We called the police and after they interviewed to my son and satisfied themselves that he hadn't been speeding, no ticket was issued. But now came the hard part: Dealing with the insurance company.
The adjuster showed up a few days later to determine the extent of the damage and to decide how much money I was entitled to. I was asleep when he arrived and when I answered the door he did not look happy to have been kept waiting while I rolled out of the rack.
"Let's get this over with," he said. "I have a lot to do today."
I was hoping that the car, a Honda CR-V, was totaled. I knew that if it was repaired it would never be the same. When I mentioned this to him, he kind of snorted and said, "Totaled? I don't know. We'll see."
As we walked around the wrecked vehicle, he saw the Marine Corps sticker that graced the back window and said, while writing on his clipboard, "Who's the Marine?"
That's me, I said. 1968 to 1971. Quantico, Camp Pendleton, Vietnam. Oh, the good old days.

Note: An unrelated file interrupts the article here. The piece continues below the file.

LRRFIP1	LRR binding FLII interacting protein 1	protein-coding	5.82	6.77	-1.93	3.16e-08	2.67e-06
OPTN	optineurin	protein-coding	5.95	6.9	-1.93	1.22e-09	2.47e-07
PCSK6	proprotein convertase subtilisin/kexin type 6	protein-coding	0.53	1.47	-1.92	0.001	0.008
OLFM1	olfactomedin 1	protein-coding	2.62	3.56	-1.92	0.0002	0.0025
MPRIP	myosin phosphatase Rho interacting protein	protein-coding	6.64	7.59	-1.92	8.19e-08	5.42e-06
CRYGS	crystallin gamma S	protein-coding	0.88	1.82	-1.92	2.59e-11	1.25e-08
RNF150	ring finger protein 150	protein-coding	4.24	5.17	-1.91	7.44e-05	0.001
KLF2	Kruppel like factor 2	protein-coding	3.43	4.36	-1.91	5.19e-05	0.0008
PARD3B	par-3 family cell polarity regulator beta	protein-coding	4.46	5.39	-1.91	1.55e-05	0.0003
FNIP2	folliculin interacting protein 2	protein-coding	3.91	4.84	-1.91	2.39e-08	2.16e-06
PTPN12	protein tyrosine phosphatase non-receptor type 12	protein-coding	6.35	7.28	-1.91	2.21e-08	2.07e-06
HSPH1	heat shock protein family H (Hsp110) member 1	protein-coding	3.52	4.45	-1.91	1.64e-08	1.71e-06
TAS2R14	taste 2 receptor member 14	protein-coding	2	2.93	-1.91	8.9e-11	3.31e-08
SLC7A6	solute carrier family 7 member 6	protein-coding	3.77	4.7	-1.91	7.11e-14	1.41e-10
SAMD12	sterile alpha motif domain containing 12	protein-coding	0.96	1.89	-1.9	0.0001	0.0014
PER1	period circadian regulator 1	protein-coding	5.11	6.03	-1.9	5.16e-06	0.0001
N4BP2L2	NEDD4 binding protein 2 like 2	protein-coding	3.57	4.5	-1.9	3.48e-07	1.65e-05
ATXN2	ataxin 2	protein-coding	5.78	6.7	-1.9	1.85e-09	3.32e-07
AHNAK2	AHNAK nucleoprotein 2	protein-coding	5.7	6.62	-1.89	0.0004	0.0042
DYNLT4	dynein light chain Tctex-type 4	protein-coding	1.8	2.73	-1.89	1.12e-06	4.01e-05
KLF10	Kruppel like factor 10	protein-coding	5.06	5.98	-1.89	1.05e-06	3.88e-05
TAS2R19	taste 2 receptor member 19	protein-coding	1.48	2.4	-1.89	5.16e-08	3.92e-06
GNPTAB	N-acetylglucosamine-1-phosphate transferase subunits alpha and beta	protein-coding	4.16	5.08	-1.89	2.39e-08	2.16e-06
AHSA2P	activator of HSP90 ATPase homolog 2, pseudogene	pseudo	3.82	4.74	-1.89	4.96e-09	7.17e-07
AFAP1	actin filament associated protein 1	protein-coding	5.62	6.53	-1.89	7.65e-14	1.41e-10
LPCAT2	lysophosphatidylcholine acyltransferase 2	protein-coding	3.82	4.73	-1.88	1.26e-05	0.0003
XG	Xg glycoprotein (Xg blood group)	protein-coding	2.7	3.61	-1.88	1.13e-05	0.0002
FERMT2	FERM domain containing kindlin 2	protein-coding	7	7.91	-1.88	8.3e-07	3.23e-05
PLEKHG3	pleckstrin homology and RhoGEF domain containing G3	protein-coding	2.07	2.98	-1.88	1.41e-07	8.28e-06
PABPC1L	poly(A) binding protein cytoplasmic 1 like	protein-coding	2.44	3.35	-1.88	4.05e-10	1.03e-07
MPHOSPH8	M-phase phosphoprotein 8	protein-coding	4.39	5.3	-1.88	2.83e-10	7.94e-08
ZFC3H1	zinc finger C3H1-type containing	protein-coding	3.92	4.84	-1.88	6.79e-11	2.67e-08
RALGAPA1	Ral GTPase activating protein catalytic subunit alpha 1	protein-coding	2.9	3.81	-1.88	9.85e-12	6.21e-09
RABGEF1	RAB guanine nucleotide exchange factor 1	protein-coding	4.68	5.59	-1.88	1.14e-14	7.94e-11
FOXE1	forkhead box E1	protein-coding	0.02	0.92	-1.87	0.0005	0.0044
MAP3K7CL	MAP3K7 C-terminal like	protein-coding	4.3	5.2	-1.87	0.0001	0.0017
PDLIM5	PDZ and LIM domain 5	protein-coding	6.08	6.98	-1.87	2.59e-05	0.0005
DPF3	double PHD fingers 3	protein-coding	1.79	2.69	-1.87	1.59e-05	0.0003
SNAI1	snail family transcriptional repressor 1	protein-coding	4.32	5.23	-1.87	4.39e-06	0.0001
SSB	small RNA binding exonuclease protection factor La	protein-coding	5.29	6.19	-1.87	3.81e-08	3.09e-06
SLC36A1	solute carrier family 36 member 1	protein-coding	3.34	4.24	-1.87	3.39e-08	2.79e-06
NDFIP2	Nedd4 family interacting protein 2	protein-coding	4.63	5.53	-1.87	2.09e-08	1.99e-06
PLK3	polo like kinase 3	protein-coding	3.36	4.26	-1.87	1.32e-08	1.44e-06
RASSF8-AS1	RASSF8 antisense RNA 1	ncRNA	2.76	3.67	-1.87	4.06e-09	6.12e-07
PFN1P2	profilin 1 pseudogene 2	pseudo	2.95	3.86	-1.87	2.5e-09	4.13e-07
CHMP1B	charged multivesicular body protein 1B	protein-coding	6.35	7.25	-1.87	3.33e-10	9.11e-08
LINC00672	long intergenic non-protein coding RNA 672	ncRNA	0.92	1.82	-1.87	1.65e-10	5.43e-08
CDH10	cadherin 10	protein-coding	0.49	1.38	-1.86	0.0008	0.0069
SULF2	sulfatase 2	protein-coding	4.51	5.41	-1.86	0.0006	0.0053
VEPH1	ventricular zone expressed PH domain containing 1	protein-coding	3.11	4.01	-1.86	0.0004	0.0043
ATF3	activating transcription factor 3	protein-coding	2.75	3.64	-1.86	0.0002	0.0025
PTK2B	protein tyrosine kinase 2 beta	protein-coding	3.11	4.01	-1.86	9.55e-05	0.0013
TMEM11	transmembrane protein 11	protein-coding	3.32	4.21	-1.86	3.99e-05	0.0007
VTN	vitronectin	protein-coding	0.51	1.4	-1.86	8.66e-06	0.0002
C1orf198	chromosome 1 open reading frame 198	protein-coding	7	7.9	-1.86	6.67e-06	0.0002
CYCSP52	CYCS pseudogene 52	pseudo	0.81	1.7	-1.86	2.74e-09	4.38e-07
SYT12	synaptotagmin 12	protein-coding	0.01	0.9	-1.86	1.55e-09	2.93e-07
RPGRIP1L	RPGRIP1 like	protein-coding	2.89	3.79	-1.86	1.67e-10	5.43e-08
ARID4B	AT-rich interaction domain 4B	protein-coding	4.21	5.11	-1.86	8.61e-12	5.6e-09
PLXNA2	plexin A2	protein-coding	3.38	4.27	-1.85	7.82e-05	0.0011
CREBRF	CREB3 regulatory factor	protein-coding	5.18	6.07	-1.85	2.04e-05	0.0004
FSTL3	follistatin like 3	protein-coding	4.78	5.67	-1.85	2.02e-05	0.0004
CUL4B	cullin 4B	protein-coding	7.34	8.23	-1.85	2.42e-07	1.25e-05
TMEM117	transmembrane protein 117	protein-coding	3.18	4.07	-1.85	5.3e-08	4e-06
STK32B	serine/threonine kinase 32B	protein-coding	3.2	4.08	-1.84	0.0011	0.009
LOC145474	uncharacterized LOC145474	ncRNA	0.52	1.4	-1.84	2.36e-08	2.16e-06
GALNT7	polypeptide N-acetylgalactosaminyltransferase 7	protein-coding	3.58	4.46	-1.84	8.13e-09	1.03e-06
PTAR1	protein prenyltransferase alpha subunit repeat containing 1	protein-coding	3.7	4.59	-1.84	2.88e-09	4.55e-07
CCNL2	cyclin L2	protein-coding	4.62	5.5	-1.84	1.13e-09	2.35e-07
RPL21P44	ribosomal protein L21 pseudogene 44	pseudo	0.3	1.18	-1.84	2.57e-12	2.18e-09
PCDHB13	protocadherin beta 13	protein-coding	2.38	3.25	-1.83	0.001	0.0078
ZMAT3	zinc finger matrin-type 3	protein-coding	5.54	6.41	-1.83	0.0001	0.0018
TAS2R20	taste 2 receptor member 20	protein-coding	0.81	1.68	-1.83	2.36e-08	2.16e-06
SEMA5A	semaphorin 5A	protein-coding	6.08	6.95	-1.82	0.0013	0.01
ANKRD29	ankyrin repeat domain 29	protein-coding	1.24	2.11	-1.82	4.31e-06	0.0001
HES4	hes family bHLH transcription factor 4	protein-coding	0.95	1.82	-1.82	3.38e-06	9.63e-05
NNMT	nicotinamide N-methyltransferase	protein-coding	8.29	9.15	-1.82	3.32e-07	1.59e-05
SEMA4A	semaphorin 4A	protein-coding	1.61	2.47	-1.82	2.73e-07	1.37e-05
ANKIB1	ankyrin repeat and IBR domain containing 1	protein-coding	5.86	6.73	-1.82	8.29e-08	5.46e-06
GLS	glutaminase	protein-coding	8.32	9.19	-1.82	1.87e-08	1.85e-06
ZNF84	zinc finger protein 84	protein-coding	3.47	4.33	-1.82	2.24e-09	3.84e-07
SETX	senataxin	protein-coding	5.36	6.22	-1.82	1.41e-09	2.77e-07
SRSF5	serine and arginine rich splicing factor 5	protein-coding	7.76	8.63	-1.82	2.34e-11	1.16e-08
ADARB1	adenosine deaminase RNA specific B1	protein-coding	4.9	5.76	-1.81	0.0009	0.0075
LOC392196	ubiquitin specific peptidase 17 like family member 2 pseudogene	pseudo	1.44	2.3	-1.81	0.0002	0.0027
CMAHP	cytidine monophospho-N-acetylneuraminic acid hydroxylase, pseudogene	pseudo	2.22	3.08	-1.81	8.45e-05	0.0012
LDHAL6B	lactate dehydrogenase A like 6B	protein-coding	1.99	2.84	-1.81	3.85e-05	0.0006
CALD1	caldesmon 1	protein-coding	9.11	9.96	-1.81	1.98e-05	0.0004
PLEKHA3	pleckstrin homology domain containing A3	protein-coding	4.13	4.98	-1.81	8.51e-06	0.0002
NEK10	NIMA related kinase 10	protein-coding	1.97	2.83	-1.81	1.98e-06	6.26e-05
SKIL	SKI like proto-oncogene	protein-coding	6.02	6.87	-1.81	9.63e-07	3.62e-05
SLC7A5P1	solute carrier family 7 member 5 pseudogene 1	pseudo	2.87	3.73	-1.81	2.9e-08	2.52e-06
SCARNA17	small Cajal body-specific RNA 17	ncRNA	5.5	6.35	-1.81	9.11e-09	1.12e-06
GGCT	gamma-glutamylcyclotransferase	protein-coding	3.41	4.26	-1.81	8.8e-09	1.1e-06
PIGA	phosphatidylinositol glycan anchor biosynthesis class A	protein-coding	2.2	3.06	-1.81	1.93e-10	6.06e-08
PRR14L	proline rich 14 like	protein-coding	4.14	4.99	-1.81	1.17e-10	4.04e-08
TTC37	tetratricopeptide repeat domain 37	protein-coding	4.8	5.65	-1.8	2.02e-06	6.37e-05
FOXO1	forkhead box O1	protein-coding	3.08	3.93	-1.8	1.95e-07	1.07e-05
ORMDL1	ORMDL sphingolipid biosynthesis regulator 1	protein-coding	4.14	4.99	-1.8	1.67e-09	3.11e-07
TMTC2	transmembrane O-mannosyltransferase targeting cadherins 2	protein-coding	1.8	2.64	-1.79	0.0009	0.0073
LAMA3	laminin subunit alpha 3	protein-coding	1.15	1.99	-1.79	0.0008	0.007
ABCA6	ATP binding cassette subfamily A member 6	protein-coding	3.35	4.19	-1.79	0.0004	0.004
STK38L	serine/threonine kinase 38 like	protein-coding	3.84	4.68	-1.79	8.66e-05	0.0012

He chuckled and said, "Yeah, you're right. I was with the air wing in Japan. Swing with the wing, ya know? We had some good times."
We chatted a bit about our exploits and I could feel him loosening up. He seemed to have forgotten that he had a lot to do and was in a hurry.
After a while he said. "This is worse than I thought. It's definitely totaled. Our office will call you about sending a check."
We shook hands and he left. A few days later a woman from his office called and told me the size of the check that was in the mail. It was much more than I expected.
The shared experiences that unite Marines live beyond generations and circumstances. We never know when they will come back to help us. But we can be sure that, eventually, they will.
Hi Guys, I just wanted you all to know that I am now the Coordinator, Central and Northern Arizona for MIAP. http://www.miap.us/